Thursday, October 21, 2004


Just saw a documentary on stupidity. Pretty thin (and a little stupid), but there was one good point in it: people form schemas of the world, belief systems, which they use to filter out information that disagrees and process information that does agree. In other words, they see only what they want to see.

The intent is to prevent cognitive disonance. Even if we've had all your money stolen by a man in a gorilla suit, sold our children for magic seeds, and woken up with a sheep, we will try to rationalize your behaviour so as not to appear dumb, especially to ourselves. Police investigators encountered an extreme example of this in a man who got taken by the Nigerian scam and continued to believe, even after the investigators laid out the whole scam to him, that the con men were acting in good faith, and that things just went wrong. Anything rather than admit that we made a mistake. Genuine personal paradigm shifts are rare. That Zen ideal, 'New Mind', where the person approaches the world without preconceptions, is a rare thing.

There was a case of a man who had a brain injury which damaged the emotional part of his brain. He could reason perfectly, but he could not make a decision. Rationality may play a part in our decision making process, but only if we have an emotional attachment to rationality itself. Evidence may also play a part, but only if we value the weight of evidence over existing beliefs. I enjoy James Randi ranting and storming about pseudo-science, con artists, and irrationality, but he's preaching to the converted. To the True Believer it's like that Far Side cartoon about what the dog hears: "Blah blah blah Rover blah blah..." Rational empiricism demonstrates it validity only after one has accepted and practiced it, and even then it may take time. The original choice to accept it is a leap of faith, because at the outset there is no more 'proof' that reason and evidence will give you the answers than any other competing view. And it requires a faith in our own judgement, which requires encouragement to develop.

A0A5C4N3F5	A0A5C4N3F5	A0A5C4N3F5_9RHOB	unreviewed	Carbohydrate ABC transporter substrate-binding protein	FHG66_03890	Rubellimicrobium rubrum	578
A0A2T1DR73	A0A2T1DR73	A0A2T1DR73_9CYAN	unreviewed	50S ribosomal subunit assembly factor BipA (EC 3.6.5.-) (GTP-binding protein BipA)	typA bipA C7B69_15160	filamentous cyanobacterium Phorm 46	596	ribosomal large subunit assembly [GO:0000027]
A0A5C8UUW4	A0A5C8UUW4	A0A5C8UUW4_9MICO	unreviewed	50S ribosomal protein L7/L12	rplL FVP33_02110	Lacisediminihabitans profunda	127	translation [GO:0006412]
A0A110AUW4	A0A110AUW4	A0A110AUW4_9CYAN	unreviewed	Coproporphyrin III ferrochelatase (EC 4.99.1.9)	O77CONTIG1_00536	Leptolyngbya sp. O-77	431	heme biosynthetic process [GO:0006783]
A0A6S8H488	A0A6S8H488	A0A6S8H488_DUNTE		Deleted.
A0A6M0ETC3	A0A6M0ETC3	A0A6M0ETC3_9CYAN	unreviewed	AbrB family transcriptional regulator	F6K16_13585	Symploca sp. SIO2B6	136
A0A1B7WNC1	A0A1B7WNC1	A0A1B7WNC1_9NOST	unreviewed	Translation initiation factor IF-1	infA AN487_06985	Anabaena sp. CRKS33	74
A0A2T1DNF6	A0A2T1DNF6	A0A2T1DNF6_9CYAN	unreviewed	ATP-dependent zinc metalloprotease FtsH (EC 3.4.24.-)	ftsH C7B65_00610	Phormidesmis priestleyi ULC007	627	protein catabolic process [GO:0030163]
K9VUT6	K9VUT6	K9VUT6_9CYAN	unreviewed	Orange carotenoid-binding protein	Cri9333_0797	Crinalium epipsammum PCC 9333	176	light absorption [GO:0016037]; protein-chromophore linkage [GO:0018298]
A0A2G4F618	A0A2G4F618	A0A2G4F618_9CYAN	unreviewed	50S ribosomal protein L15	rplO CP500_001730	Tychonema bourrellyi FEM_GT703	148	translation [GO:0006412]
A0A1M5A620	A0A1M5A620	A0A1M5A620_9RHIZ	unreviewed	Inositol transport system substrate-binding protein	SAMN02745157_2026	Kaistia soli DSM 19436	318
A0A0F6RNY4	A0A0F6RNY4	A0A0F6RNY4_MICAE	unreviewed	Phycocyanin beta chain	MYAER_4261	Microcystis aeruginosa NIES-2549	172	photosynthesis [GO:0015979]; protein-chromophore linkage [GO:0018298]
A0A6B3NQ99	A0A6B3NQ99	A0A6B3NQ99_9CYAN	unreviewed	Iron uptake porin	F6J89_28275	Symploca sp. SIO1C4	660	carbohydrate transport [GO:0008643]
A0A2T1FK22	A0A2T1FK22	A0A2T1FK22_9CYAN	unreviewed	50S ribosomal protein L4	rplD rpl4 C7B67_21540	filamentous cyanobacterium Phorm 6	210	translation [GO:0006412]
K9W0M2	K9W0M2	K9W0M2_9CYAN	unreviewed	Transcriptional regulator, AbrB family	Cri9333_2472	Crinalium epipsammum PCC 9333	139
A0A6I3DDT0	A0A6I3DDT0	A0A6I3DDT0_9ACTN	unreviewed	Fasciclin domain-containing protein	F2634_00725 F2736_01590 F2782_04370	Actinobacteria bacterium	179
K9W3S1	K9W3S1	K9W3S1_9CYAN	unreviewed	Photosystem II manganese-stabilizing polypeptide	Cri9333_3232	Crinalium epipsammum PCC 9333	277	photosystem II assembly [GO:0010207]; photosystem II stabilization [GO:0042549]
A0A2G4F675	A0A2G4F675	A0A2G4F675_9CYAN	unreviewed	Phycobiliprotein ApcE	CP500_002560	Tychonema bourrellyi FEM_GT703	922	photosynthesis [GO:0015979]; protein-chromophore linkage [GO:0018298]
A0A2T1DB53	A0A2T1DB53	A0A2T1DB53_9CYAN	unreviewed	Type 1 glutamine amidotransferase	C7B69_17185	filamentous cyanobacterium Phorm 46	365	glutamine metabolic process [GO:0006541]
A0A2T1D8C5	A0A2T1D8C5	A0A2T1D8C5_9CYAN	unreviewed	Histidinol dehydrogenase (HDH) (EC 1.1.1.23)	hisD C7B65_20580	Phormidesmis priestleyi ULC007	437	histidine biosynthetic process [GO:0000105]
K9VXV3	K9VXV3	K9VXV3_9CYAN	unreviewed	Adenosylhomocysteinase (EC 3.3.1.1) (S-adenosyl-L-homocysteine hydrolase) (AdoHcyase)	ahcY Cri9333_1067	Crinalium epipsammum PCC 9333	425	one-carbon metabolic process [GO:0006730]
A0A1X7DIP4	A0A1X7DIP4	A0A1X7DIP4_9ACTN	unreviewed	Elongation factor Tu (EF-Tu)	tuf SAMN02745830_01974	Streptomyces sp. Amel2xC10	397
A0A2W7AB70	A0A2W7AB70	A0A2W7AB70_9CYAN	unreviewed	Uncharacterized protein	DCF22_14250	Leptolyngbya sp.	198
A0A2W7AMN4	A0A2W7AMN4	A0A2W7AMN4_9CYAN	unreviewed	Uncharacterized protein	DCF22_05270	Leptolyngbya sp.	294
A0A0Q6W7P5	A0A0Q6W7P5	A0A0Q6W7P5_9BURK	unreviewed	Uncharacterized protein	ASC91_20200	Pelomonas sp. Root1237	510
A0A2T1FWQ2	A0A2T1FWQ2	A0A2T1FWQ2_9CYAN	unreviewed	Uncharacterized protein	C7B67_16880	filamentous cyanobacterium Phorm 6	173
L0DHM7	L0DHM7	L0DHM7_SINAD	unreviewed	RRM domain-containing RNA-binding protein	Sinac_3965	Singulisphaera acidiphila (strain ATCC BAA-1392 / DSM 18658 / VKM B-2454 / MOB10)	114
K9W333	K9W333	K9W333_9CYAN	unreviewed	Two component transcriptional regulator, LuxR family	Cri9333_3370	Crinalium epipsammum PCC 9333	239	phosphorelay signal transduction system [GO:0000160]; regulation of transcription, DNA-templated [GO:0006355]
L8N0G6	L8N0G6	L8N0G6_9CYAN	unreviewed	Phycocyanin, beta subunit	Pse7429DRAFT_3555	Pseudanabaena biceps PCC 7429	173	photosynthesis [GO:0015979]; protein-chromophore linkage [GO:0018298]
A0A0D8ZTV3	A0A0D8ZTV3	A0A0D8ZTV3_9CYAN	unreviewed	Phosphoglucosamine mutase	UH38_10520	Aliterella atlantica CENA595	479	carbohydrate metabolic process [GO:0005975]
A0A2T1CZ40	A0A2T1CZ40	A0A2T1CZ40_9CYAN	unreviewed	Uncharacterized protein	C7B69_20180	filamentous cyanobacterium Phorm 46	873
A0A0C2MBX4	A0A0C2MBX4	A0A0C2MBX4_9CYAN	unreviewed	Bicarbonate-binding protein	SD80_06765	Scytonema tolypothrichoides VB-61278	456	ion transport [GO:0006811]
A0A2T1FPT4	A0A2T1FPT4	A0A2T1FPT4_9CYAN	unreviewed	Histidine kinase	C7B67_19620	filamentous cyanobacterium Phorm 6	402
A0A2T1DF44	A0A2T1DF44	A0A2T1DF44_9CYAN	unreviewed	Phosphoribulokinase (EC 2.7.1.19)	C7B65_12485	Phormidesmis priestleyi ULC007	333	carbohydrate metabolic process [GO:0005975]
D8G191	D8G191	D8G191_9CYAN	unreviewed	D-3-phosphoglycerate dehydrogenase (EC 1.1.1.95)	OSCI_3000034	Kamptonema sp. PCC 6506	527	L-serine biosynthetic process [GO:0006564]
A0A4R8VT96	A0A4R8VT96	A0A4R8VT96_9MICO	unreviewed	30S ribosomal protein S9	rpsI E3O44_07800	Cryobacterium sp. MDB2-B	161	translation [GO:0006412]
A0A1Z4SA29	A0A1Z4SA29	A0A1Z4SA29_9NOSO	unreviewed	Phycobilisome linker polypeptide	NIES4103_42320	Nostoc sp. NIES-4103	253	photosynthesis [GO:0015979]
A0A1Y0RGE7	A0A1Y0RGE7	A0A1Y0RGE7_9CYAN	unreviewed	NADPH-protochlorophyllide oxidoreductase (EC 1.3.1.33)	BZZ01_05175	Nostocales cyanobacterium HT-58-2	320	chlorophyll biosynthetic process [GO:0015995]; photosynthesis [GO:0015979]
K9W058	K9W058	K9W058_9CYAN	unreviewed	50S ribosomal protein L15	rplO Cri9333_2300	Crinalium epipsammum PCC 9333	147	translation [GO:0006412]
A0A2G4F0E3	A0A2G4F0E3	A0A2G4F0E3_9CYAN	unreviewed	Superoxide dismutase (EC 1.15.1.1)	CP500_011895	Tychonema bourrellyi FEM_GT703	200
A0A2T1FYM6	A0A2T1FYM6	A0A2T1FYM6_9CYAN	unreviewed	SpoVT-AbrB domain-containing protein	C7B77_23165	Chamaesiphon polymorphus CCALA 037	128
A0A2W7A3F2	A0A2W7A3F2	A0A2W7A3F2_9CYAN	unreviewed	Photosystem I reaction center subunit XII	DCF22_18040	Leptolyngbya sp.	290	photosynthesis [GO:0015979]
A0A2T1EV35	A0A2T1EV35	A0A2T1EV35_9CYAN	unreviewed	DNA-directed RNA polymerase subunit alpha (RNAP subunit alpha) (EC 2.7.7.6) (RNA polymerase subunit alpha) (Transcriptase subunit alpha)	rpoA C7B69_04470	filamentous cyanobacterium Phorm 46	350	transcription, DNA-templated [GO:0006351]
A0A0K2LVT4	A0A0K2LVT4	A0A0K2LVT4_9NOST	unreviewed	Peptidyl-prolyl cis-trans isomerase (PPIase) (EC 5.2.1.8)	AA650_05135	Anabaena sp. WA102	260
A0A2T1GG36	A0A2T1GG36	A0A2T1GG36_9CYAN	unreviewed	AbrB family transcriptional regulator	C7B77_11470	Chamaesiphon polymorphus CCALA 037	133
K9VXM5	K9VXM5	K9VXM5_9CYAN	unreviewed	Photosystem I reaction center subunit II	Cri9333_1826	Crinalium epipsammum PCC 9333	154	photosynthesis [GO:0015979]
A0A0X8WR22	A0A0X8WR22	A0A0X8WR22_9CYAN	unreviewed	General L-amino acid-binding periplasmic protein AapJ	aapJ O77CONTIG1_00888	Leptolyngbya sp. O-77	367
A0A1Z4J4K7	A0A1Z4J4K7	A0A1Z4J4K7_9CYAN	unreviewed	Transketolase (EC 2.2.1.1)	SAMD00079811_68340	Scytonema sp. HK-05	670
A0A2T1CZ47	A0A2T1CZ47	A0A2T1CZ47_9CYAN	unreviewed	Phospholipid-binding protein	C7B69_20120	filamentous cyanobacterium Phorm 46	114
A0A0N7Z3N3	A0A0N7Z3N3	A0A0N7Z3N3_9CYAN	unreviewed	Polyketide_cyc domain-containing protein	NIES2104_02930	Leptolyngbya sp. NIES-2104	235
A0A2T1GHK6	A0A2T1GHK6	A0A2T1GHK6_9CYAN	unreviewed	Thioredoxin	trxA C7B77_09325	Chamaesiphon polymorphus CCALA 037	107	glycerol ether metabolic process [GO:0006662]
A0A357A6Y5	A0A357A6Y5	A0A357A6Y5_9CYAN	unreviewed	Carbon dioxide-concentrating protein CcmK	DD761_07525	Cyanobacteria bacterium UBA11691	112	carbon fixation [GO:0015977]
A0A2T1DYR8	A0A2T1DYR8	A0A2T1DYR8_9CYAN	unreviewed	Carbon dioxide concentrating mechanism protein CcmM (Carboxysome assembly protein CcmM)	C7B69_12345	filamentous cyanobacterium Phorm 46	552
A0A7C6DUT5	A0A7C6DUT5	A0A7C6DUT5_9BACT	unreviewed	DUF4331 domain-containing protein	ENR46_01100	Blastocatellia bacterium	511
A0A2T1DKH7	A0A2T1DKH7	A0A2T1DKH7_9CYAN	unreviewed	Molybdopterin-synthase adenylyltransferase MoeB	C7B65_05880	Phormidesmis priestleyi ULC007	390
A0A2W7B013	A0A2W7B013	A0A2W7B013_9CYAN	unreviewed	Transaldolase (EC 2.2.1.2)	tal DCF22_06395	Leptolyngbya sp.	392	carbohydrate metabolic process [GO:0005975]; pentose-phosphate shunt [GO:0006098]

Unless kids grow up in an environment where learning is important, their natural curiosity will die out. In the conformity that rules elementary and high schools, too much knowledge makes you stand out. We all know the names: geek, nerd, bookworm, weirdo, and so on. The bullies usually consider themselves dumb and don't like anyone who shows them up. And, of course, who are the school heroes, but the jocks. It's as if we have to grow through the earlier stages of civilization before we reach adulthood. Homo Sapiens, meet Neanderthal Man.

So we end up with a population that has no curiosity, and doesn't like to think. Of course, we all think for ourselves--and yet, everyone thinks the same thing... Hmmm. We believe very strongly in our opinions, but is that because they are really our own opinions, or because they are the opinions given to us that we dare not part with, because we actually suspect that we are too dumb to come up with something on our own to replace it? It reminds me of an ad I saw years ago in a sleazy men's magazine: "What kind of man reads this? The kind of man who has firm opinions on current talking points!" Oh... my... God... Sort of like the latest fashions from Vogue. "Paris says ugly this year, and who cares?" Rush Limbaugh said it all. "Don't think, I'll think for you." His fans actually call themselves ditto-heads. The mind boggles--except, of course, when you don't have one.

And so the stupidity goes on.